Contractual Private Disclosure in Supply Chain and Managerial Learning from Stock Price
54 Pages Posted: 5 Apr 2023
Date Written: March 22, 2023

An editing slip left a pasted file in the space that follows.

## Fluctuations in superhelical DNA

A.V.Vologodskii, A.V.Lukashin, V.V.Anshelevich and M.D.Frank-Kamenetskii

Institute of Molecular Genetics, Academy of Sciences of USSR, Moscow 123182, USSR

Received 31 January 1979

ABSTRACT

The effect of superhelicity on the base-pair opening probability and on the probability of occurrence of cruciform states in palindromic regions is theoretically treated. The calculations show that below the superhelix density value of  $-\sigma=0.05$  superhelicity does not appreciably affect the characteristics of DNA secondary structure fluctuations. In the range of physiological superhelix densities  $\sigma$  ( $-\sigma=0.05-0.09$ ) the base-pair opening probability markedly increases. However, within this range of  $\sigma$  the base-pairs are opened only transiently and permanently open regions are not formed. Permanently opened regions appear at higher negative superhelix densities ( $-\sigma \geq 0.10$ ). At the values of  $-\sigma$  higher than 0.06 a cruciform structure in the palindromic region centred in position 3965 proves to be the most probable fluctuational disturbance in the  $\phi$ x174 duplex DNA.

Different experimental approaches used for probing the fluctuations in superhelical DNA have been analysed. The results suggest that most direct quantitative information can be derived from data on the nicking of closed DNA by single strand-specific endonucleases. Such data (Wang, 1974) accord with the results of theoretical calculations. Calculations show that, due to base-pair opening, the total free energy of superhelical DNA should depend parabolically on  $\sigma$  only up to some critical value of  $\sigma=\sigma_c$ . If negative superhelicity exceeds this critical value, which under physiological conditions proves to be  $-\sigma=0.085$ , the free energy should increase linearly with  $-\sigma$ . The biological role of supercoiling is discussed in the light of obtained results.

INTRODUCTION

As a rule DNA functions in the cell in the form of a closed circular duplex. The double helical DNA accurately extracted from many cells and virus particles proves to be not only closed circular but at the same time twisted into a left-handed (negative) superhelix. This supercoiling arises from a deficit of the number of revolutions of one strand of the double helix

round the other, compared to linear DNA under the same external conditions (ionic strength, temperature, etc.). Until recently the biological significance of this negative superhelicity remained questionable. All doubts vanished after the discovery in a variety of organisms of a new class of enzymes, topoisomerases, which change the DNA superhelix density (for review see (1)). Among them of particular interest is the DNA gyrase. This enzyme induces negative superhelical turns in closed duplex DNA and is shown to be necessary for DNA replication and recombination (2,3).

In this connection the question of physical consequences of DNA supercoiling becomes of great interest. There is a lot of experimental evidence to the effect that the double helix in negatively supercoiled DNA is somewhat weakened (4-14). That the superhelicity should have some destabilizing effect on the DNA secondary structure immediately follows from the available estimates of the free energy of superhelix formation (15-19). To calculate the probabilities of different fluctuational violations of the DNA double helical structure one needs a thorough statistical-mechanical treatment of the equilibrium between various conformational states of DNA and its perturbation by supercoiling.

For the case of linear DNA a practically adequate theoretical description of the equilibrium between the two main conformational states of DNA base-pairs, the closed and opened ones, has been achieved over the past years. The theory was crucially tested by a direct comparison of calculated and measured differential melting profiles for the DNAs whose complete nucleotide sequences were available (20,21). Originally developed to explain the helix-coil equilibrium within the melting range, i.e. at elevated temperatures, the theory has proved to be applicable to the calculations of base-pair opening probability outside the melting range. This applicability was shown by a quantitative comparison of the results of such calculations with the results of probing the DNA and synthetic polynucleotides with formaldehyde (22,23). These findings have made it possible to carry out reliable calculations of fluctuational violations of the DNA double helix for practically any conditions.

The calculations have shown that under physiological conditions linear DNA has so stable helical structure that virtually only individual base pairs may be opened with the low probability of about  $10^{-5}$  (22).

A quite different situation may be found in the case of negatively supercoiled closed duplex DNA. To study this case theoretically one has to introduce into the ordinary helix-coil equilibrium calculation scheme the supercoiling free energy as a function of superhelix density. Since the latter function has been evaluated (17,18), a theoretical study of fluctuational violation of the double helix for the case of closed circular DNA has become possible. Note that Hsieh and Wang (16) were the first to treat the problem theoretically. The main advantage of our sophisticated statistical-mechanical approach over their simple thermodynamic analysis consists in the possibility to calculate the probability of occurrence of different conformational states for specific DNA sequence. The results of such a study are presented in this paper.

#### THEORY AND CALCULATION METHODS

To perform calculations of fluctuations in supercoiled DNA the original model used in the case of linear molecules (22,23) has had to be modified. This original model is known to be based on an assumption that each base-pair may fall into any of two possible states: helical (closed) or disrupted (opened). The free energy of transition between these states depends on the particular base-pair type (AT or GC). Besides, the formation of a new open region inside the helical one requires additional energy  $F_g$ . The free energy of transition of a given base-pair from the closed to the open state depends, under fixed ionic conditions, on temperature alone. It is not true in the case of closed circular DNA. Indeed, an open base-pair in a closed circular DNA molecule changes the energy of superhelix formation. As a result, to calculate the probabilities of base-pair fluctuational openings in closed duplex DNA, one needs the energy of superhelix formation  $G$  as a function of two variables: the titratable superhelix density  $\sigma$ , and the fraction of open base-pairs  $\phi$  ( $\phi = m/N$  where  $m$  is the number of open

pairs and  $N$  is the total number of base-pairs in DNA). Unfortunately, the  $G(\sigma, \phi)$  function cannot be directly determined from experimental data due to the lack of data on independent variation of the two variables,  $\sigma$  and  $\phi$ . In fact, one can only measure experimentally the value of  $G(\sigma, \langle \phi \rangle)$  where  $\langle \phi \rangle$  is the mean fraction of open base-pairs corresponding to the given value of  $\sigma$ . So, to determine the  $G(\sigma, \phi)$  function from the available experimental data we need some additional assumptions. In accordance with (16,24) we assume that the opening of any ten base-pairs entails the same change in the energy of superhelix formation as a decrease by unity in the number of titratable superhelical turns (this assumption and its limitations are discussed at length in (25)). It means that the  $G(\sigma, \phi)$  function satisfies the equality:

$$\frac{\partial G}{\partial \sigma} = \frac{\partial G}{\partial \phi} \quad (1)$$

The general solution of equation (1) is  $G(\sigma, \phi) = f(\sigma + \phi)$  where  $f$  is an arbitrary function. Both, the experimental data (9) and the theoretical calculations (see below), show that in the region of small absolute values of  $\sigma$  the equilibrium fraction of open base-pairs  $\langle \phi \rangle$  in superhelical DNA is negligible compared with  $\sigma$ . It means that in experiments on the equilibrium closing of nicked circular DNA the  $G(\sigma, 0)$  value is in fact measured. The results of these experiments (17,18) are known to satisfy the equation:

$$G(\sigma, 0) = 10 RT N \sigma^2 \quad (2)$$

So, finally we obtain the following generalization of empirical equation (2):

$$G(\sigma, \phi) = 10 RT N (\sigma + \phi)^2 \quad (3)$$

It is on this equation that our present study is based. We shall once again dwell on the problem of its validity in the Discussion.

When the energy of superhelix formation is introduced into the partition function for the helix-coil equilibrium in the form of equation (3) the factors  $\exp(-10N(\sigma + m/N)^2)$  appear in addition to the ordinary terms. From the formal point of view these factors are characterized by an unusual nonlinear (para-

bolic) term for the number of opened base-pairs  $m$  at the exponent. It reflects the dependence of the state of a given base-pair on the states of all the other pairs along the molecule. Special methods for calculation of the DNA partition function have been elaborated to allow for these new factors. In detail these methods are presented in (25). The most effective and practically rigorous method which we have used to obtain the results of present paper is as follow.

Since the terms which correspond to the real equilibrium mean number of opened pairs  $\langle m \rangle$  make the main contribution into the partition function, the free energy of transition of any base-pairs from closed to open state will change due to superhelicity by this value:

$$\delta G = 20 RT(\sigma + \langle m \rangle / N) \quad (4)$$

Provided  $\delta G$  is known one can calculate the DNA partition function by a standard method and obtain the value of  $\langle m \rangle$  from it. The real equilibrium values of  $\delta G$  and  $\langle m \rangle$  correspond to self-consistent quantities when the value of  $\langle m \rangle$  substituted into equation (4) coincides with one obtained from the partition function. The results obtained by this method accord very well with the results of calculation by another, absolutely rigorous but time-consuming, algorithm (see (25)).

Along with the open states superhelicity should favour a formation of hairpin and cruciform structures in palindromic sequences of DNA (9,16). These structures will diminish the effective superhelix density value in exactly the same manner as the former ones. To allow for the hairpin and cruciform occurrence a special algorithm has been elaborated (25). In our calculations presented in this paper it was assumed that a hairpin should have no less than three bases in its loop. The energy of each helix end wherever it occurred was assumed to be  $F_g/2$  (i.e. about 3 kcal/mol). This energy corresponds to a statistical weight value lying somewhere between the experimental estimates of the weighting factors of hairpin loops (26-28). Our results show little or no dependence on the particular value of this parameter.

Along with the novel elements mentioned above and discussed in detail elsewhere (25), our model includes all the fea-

I examine whether contracts that obligate the customer to periodically disclose to the supplier its forecast of future demand for the supplier's products (“DF contracts”) influence the supplier's reliance on stock prices when making corporate investment decisions. If managers find customer demand forecasts a more direct and less noisy signal of investment opportunities than stock prices, managers may shift some weight away from stock prices when making investment decisions. Using novel hand-collected data on DF contracts, I find that suppliers' corporate investments become significantly less sensitive to stock prices after suppliers enter a DF contract for the first time, compared to the corresponding change for control firms over the same time period. The primary result is more pronounced when demand forecast disclosures are more credible, for suppliers with higher demand uncertainty, and for suppliers with highly irreversible investments. The supplier's future performance, as measured by return on assets, significantly improves after entering a DF contract, and the improvement is greater for suppliers with larger post-DF decline in investment-price sensitivity. Collectively, the results appear to be consistent with the notion that suppliers, after entering a DF contract, increase the reliance on private demand forecasts from customers and, in turn, decrease the reliance on stock prices to guide their investment decisions. Overall, this study sheds light on the real consequences of contractual private disclosures in supply chains.
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